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Un-Containing Asian/Americanness: A Word on “Allyship” When FAQs Keep Missing the Point

This is part four in a collection of five imperfectly scribbled parts. For contextual grounding, please visit the landing page.

FAQs these days are littered with: “How can people be allies to fill-in-the-blank-BIPOC community?” This question comes in every formulation, a barometer for the endless permutations of how white supremacist violence gets enacted on BIPOC communities here and by proxy. Because I am Asian American, these blanks are often filled with AAPI. My (often inner) response: Geez again? I don’t know. Ask someone else!

Talking about allyship is another tired American ritual that I, at this point in my life, no longer subscribe to. Let me explain.

My general (and blasphemous) belief is that allyship, by design, functions in performance and transactions. Because of this, I no longer conceive of allyship as the goal or “work.” Instead, I ask: what would it look like to strive and persist in the work of building and belonging within movements?

When we belong to something bigger than ourselves, we become interconnected entanglements, shifting into right relationships with each other. We become vested and invested in process, outcome, and personhood; we have personal stakes in what we belong to. As cultural theorist and Professor C. Riley Snorton offers:

Solidarity says that these are your issues and these are mine. What would entanglement look like instead?

The question for me, then, isn’t how to be better allies to fill-in-the-blank-BIPOC communities, but rather, how can we be entangled together?

The Movement for Black Lives (M4BL) is a powerful embodiment of this question. The M4BL organizes us to coalesce around all the ways we have and will always belong inside of the movement to dismantle white supremacy locally and globally. We are called to see ourselves as entangled bodies and communities inside of racial justice movements that confront every form and expression of injustice seeded by white supremacy, racial capitalism, and settler colonialism. We are all responsible for this dismantling. There is no room for doubt or bypassing when belonging to a movement; no room for the scarcity of my issues as distinct from yours.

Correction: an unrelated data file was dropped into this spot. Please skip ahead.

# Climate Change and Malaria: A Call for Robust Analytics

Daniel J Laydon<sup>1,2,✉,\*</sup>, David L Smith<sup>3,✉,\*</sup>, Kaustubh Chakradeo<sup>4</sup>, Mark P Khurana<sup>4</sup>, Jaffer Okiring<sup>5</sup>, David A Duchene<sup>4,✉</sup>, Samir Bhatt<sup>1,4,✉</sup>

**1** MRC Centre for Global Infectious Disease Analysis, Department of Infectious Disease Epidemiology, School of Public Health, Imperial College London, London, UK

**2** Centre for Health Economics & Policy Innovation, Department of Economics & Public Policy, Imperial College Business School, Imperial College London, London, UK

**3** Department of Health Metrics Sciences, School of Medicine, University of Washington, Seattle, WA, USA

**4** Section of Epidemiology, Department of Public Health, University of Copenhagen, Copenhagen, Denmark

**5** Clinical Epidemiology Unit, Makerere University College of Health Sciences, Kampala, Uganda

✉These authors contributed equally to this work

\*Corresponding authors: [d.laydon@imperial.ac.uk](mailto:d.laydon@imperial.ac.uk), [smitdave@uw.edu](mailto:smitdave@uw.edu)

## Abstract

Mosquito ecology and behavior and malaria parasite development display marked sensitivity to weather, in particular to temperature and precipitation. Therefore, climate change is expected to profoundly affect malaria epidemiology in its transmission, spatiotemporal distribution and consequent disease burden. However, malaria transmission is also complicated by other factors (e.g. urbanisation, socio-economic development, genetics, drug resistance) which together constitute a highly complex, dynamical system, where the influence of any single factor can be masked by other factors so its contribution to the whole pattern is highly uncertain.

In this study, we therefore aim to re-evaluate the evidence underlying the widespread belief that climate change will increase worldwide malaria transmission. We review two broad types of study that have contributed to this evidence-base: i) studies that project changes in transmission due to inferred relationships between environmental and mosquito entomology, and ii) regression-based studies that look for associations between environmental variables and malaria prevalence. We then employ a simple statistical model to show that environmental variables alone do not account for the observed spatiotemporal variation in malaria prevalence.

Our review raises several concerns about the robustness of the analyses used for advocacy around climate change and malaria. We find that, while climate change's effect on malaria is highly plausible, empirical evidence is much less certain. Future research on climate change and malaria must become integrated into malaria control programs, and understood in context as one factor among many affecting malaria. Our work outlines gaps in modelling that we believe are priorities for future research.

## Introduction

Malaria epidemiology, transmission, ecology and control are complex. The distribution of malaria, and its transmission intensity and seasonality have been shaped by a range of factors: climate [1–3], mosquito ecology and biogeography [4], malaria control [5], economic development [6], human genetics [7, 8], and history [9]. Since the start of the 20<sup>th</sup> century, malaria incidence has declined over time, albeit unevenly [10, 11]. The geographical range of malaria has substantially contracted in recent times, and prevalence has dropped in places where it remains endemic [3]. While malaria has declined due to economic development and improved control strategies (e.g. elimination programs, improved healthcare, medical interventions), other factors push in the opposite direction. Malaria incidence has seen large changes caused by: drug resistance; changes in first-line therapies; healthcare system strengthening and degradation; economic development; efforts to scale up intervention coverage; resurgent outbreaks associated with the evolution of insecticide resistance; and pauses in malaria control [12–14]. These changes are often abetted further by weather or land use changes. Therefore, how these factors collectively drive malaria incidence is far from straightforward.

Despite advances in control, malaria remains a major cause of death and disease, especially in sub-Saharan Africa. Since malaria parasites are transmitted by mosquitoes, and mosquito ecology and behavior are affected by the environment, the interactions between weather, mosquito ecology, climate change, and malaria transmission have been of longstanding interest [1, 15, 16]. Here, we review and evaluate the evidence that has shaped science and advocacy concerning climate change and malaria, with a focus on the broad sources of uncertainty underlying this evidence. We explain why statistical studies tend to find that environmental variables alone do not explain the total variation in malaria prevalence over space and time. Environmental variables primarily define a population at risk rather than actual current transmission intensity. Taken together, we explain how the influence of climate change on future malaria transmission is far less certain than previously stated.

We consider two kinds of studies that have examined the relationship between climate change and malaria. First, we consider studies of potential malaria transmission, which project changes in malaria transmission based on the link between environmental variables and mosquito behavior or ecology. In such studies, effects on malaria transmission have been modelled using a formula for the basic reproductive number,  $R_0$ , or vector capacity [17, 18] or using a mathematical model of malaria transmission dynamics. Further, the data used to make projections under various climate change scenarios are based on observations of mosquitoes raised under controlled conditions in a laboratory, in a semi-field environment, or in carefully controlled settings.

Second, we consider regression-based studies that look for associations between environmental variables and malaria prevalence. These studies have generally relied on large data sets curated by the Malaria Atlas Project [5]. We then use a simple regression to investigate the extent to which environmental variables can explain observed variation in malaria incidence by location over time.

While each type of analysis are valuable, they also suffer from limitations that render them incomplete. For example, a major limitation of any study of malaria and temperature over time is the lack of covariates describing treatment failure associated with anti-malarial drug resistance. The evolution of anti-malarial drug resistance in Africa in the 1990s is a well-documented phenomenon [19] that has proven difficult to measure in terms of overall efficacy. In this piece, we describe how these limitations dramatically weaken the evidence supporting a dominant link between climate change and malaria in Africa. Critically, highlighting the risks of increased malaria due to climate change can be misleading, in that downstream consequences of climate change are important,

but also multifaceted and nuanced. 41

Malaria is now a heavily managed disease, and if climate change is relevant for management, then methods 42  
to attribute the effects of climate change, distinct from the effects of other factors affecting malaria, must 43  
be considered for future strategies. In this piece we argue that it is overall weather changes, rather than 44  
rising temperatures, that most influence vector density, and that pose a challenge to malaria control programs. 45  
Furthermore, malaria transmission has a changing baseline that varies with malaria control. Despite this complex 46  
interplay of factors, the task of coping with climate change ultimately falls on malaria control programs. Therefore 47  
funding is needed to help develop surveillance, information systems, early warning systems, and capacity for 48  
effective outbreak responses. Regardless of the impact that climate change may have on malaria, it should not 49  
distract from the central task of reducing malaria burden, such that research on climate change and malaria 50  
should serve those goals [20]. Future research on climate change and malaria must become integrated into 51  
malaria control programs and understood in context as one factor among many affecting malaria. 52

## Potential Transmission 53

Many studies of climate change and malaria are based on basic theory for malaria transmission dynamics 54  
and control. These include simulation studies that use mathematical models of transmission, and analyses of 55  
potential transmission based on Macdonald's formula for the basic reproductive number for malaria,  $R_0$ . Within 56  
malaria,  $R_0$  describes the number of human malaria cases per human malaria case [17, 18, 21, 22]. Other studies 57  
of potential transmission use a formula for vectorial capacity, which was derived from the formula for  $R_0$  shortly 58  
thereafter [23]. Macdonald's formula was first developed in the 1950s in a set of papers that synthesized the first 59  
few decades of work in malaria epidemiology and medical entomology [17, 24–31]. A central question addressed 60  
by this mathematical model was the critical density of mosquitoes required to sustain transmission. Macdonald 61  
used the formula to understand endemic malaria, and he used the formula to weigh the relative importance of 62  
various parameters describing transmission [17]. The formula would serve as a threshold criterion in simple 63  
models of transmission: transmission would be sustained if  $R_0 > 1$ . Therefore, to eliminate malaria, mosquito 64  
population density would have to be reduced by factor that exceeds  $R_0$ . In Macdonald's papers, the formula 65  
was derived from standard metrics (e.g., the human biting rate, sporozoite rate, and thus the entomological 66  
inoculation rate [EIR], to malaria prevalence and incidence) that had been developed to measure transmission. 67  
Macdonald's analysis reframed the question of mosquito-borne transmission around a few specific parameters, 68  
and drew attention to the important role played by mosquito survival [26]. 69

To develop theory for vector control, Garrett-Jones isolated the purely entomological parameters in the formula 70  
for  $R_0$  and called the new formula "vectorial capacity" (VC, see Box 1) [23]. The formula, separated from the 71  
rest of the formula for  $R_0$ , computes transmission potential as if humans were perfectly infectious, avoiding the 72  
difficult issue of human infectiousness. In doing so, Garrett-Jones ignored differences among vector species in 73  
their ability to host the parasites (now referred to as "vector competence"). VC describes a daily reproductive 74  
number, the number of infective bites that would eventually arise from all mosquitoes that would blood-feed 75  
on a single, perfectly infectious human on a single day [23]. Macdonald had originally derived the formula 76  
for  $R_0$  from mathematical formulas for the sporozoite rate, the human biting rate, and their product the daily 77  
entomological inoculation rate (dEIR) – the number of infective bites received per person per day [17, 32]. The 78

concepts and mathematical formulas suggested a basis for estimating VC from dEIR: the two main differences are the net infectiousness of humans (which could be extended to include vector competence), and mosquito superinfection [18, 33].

In contrast, a tired example of allyship is the trend of #antiracist book clubs, where each season’s book is an urgent and self-centered projection of doing something to “be woke” for the latest slain and murdered fill-in-the-blank-BIPOC group. Every page and gathering is filled with doubt: what comes after the books are read and clubs are had? What identity-marginalized group will be transacted as next season’s book following another tragedy of white supremacist actors and systems having “a bad day.” And shit, sorry — we can only pick one each month.

What comes after this? Where do we go from here? I’m genuinely desperate to know because we are still dying.

And look, I love a good anti-racist book club but call it what it is instead of convincing yourself/ourselves/(who are we trying to convince?) that this is allyship. If the purpose is to learn and be in conversation, do that. And keep doing that. But don’t confuse that with allyship.

My cautionary tale here is that no matter how we redesign allyship, we won’t get very far together if the promise of allyship continues to catalog structural oppression into separated communities or disconnected moments in time. The day we all see and embody our positionalities as deeply interdependent and entangled is the day we no longer need allies because we’re already here. We’ve always belonged here. Let’s never forget that:

Belonging to ourselves and to each other is an entanglement that no one can take from us.

Continue onto part five or return to the landing page for the link.

This collection of writings is a work in progress — open to your critiques, thoughts, feelings, wonderings, tensions, and tenderness. This collection, however, is not open to hateful comments or remarks that do not have the intention or invitation of trying to understand, connect, or “work out” conflict and differences.

Always and with immense gratitude,
c.

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